Which brand is the best? Primary school case study


I used this activity with 11-12 year-old pupils at our urban Primary school in Slovakia. I ran it in the Civic Education class but it could be easily used in IT, History or Geography. The activity can be easily linked to topics on poverty, health, migration and environment. It can identify pupil attitudes along with their existing knowledge.

The activity did not take more than 30 minutes. Older pupils could do it even more quickly, as most of the time was spent on justifying the decisions being made. The activity can be adjusted to the group and to local conditions by selecting appropriate brands. I decided to include logos of some Slovak companies which are present in our region and which pupils might have encountered.

The activity proved to be really enjoyable, reflected in the group discussion. Pupils openly expressed their views and in some cases I noticed acceptance of other pupils’ opinions, even if they were different from a pupil’s own position.

Pupils assessed the different brands based on their own experience or that of their friends and parents. Opinions on a particular product were generalised to include the whole company (e.g. the shoe brand Baťa was assessed as not offering much choice since My mum keeps going to their shop and never buying anything. Some assessments were apparently influenced by gender and age considerations, for instance Lego was seen as a product appropriate for small kids and for boys. There were also interesting insights when pupils highlighted the unhealthy nature of some food products, but assessed the brand positively (e.g. McDonald’s).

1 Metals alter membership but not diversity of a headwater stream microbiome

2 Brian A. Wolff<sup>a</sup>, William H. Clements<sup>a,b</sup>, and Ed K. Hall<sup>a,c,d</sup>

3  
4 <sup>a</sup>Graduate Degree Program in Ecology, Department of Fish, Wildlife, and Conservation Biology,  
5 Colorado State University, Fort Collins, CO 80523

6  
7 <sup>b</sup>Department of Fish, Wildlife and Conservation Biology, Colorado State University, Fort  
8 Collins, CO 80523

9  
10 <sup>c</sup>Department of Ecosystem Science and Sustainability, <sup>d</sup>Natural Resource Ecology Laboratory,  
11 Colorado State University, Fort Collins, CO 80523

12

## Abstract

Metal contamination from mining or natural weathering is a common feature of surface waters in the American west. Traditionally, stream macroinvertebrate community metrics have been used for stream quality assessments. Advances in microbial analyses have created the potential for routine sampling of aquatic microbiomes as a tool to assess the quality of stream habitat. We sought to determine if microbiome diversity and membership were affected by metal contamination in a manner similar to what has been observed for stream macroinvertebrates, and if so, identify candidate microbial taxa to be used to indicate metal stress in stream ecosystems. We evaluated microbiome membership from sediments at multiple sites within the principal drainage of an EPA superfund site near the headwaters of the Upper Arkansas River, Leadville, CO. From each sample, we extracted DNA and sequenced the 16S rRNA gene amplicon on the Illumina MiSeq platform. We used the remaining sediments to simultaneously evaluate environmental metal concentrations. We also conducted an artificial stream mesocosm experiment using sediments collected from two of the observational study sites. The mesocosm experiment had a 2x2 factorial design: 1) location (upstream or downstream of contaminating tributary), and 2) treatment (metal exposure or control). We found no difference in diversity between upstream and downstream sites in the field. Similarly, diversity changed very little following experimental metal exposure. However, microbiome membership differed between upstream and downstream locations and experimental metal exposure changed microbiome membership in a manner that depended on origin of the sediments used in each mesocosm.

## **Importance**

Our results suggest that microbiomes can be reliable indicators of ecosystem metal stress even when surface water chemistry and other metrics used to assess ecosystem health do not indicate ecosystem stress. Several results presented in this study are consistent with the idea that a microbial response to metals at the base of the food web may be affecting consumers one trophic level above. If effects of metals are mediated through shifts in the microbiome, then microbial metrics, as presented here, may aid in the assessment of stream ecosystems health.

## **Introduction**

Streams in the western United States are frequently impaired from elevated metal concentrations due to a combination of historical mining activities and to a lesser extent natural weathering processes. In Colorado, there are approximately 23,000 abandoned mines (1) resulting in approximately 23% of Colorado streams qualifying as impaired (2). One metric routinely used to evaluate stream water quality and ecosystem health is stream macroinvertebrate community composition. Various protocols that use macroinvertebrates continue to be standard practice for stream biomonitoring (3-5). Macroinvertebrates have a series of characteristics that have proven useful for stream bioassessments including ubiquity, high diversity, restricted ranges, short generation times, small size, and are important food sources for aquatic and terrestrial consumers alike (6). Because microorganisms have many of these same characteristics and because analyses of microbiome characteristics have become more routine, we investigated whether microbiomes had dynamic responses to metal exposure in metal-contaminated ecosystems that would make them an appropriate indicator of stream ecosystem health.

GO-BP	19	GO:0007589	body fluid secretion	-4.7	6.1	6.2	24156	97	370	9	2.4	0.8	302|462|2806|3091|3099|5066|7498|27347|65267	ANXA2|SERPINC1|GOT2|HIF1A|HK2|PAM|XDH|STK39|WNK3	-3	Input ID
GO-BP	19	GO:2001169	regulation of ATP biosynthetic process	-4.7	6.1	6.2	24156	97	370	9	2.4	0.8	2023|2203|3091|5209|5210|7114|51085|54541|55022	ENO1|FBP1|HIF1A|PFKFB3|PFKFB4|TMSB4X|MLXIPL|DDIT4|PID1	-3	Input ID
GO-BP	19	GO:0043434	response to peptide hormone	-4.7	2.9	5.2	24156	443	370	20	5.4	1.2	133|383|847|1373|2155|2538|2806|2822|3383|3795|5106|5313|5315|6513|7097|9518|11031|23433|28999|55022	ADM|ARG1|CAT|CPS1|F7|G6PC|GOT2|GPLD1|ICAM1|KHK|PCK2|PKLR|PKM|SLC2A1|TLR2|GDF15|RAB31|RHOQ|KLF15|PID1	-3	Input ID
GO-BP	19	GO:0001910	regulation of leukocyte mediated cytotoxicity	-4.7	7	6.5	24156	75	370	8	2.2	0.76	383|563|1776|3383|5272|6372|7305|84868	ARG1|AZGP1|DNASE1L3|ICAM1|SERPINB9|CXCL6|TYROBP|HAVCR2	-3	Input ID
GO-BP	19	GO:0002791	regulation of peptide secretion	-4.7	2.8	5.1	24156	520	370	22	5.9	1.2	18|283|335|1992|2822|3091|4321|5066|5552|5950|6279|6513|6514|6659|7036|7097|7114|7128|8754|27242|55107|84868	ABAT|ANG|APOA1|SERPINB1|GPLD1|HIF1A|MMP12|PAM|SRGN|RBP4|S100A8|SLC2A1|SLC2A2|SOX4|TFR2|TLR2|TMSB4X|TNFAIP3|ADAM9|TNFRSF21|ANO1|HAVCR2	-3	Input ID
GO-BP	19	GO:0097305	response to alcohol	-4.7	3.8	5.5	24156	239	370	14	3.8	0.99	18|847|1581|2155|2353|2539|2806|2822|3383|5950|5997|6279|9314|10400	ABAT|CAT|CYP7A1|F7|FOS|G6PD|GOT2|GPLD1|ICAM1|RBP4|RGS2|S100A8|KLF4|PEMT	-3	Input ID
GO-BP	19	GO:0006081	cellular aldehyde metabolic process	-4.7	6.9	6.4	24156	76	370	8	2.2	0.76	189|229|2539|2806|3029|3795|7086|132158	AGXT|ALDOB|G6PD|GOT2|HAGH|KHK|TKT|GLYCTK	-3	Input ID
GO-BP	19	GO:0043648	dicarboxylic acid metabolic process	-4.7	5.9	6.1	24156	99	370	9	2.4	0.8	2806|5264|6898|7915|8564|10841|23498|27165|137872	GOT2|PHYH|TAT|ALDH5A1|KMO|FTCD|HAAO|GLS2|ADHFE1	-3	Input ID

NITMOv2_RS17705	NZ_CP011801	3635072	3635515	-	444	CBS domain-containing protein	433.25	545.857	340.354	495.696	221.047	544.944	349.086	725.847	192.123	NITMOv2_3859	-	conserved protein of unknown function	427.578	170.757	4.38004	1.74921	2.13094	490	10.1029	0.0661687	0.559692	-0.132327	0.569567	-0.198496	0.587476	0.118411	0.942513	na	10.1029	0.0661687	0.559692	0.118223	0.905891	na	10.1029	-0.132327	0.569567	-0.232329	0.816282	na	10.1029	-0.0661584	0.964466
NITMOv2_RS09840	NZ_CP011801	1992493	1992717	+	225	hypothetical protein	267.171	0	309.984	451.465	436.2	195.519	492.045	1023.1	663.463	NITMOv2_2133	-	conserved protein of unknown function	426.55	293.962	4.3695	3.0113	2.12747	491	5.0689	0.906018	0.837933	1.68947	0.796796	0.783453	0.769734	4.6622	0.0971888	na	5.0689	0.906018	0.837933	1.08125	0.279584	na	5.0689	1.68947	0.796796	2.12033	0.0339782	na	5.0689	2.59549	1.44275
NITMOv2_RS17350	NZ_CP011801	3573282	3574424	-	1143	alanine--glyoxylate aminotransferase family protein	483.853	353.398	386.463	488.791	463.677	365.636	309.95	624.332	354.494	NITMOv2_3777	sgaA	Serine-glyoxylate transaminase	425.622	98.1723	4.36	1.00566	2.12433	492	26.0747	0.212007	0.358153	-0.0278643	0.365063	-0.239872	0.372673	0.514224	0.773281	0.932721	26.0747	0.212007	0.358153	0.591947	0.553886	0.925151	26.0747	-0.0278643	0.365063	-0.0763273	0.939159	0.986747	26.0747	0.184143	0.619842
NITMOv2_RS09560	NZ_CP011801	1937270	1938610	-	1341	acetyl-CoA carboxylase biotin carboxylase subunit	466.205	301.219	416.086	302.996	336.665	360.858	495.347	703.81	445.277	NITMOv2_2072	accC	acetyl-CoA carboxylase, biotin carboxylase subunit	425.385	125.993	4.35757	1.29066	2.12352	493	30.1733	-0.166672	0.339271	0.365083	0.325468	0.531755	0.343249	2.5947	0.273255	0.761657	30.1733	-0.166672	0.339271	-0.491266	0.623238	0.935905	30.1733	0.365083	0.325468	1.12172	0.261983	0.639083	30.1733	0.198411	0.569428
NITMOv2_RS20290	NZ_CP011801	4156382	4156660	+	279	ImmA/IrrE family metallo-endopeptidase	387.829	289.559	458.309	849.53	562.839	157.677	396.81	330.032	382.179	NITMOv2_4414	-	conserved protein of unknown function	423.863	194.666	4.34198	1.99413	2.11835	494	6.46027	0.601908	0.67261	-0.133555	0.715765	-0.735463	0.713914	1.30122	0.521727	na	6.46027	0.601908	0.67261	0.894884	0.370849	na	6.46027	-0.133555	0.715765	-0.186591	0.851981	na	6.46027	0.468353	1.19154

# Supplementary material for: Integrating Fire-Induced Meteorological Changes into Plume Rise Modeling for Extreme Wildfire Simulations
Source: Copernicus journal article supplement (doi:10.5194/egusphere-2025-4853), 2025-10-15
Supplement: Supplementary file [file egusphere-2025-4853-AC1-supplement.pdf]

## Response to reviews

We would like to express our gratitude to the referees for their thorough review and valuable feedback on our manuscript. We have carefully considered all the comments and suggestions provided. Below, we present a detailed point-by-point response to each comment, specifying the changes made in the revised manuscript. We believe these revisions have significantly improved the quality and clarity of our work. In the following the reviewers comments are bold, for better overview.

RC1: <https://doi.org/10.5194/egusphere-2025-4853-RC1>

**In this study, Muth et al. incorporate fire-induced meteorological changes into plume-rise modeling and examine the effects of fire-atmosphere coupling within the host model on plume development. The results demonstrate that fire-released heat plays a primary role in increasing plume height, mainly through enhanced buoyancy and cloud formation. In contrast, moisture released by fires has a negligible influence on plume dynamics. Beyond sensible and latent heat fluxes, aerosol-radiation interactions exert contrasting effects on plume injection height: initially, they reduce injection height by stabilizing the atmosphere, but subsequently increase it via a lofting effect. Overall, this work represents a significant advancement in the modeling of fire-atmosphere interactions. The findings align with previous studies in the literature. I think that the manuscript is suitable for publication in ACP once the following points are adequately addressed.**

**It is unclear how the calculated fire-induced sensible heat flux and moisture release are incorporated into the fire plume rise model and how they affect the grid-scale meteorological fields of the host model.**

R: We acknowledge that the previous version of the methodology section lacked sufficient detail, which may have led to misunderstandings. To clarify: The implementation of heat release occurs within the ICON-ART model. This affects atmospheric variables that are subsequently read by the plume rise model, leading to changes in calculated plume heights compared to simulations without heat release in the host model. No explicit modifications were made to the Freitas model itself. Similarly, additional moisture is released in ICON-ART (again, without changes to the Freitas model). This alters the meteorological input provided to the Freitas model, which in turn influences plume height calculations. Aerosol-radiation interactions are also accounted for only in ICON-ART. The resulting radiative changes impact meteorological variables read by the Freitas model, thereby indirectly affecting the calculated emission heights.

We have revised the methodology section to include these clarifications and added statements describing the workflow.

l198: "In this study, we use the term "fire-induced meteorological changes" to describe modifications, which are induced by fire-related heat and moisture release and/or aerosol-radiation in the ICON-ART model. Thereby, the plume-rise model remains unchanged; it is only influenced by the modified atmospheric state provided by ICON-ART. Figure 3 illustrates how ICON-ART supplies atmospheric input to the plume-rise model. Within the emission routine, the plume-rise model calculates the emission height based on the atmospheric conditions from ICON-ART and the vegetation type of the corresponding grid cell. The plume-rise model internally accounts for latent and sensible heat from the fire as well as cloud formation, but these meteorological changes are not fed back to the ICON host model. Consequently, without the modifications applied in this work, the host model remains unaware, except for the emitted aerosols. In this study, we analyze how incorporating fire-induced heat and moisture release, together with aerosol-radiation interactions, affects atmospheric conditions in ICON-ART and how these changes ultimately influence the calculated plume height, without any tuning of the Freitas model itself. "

The social situation of families was apparent in the assessments of some pupils who marked particular brands as expensive. The comments also indicated that some pupils paid attention not only to the price but also the perceived quality. Several declared that advertising did not influence their choice too much. Others expressed views which showed awareness of the global interdependence of product production and consumption. These pupils were interested in the conditions under which some products were made (e.g. expressing a view that if they knew that children of their own age made it, or that workers worked under bad conditions, they would not buy it).

When running the activity, it was very helpful to have an assistant to write down all opinions and reactions expressed. The comments can help identify areas for further intervention in relation to child labour, global interdependence, Fair Trade, life-styles and poverty. Comments written on the worksheets provide additional information to complement the statistical summary of the most popular brands, for which you only need calculate the average points per brand and create a chart. However doing all that during the session itself would significantly reduce the time for discussion and reflection.

The activity can be repeated in the same format as during the initial audit. The brands can be divided into two groups with equal representation of foreign and domestic/local brands of the same product types. This can provide further insights into the attractiveness of foreign vs. domestic brands, along with other considerations related to consumption.